the m in the de broglie equation


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Angeline 3E
Posts: 50
Joined: Wed Sep 18, 2019 12:20 am

the m in the de broglie equation

Postby Angeline 3E » Thu Oct 17, 2019 7:46 pm

so when we use the de broglie equation is m always the mass of an atom??

Shimei_2F
Posts: 100
Joined: Fri Aug 09, 2019 12:17 am

Re: the m in the de broglie equation

Postby Shimei_2F » Thu Oct 17, 2019 7:50 pm

yes, m is the mass of the particle.

Megan Jung 3A
Posts: 50
Joined: Thu Jul 11, 2019 12:17 am

Re: the m in the de broglie equation

Postby Megan Jung 3A » Thu Oct 17, 2019 7:53 pm

m refers to the mass of the object you are calculating. In some problems, the mass is not always an atom; it could be a baseball or car. However those values usually give wavelengths that are undetectable. m can also refer to the mass of an electron or neutron.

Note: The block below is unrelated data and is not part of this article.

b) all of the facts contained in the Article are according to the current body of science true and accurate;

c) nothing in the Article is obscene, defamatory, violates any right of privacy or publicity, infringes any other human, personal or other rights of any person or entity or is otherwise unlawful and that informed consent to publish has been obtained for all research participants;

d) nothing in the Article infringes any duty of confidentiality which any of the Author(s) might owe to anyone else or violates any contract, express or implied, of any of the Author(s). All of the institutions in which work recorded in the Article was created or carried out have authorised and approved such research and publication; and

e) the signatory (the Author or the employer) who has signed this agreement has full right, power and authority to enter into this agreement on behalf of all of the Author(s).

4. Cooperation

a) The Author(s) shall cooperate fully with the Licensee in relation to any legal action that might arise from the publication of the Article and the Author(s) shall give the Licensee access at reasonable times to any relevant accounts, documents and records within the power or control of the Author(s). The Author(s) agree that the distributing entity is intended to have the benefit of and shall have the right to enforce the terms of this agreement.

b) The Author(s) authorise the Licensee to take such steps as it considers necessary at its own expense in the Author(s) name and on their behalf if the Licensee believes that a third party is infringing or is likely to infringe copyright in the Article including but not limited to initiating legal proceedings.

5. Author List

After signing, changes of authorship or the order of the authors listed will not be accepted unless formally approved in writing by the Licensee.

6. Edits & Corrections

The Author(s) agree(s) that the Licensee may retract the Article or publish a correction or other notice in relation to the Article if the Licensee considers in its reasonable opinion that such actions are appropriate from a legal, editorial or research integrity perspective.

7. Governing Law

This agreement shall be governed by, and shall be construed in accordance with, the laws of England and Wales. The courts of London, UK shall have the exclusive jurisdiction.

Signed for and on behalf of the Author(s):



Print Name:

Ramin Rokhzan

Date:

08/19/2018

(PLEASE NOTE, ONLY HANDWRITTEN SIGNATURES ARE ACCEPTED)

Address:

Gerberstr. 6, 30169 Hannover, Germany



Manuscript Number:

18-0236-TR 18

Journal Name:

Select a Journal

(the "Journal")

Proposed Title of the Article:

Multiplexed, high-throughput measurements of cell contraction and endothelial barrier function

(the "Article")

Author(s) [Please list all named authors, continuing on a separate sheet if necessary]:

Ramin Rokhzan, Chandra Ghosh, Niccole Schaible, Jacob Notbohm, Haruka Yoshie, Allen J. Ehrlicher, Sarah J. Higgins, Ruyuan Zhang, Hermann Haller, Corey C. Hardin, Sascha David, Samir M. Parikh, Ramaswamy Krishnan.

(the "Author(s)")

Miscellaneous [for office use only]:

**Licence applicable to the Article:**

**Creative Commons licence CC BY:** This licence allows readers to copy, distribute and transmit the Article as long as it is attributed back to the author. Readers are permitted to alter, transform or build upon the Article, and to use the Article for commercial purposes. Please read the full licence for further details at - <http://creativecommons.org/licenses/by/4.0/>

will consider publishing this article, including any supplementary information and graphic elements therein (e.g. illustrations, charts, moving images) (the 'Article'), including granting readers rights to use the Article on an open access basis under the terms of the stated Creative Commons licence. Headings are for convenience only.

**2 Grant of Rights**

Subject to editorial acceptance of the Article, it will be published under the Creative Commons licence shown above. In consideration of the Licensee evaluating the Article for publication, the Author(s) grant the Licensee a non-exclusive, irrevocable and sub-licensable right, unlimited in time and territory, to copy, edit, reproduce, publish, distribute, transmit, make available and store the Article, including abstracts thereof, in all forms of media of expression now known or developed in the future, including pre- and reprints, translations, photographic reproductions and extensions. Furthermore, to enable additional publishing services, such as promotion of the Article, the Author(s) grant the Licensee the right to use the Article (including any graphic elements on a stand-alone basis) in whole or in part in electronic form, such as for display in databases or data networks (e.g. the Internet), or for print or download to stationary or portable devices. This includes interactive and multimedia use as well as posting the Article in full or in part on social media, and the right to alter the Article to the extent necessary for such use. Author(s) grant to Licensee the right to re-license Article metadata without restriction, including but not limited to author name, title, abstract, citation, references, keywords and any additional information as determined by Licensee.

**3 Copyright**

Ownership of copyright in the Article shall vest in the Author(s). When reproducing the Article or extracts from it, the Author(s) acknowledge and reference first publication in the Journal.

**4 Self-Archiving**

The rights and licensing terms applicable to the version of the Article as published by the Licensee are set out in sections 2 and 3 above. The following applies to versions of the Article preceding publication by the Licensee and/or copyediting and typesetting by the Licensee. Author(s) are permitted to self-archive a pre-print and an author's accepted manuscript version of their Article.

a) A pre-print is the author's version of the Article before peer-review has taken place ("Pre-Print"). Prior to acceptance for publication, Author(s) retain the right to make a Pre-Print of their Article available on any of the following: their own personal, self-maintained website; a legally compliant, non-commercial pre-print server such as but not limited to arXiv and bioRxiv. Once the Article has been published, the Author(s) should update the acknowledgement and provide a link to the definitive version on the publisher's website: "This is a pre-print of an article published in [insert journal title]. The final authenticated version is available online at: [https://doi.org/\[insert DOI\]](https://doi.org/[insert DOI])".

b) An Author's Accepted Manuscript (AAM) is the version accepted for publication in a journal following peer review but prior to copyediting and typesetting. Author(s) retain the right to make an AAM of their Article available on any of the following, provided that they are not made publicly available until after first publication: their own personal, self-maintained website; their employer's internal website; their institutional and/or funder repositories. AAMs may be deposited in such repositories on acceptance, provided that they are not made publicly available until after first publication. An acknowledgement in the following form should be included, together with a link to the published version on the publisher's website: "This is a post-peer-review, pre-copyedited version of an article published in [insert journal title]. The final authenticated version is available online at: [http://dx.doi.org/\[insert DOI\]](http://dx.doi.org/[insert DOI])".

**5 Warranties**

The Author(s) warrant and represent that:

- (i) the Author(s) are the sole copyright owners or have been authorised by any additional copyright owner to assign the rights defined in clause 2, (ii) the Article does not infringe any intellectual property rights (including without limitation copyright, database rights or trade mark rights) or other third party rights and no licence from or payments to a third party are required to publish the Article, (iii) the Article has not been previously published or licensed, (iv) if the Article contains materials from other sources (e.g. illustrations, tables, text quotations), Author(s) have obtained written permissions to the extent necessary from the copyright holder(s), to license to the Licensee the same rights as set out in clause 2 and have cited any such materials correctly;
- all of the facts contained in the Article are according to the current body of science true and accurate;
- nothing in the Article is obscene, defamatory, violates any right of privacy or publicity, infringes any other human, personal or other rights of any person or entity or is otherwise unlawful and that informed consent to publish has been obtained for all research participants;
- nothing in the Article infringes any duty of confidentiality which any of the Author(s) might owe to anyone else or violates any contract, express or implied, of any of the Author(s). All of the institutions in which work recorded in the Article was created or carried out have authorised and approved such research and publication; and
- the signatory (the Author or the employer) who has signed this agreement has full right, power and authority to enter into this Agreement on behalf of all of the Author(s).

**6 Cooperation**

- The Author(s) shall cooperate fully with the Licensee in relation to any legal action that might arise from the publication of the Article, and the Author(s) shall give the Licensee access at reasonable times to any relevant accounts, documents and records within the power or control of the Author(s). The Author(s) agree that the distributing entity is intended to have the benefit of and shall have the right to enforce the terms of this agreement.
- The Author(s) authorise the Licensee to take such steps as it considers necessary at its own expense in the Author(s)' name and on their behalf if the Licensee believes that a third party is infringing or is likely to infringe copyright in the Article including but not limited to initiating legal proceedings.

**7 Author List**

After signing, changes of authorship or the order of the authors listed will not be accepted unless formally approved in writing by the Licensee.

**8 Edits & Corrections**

Andrew Liang 1I
Posts: 105
Joined: Fri Aug 30, 2019 12:18 am

Re: the m in the de broglie equation

Postby Andrew Liang 1I » Thu Oct 17, 2019 8:39 pm

The "m" in De Broglie's equation refers to the mass of the object with momentum, P, and has wavelike properties with wavelength. However if the mass is large then the object most likely does not have detectable wave-light property and acts more like a particle.

Shrayes Raman
Posts: 129
Joined: Sat Jul 20, 2019 12:15 am

Re: the m in the de broglie equation

Postby Shrayes Raman » Fri Oct 18, 2019 12:08 am

Not always atom. Whatever the object or particle is in the context of the problem.

Matt F
Posts: 100
Joined: Sat Aug 17, 2019 12:17 am

Re: the m in the de broglie equation

Postby Matt F » Fri Oct 18, 2019 10:20 am

m could represent the mass of an object, like a baseball or car as others mentioned, or a particle such as a proton, neutron, or electron. The only thing it can't represent is a photon since photons have no mass. If the problem involves a photon/light, use c=wavelength*frequency.


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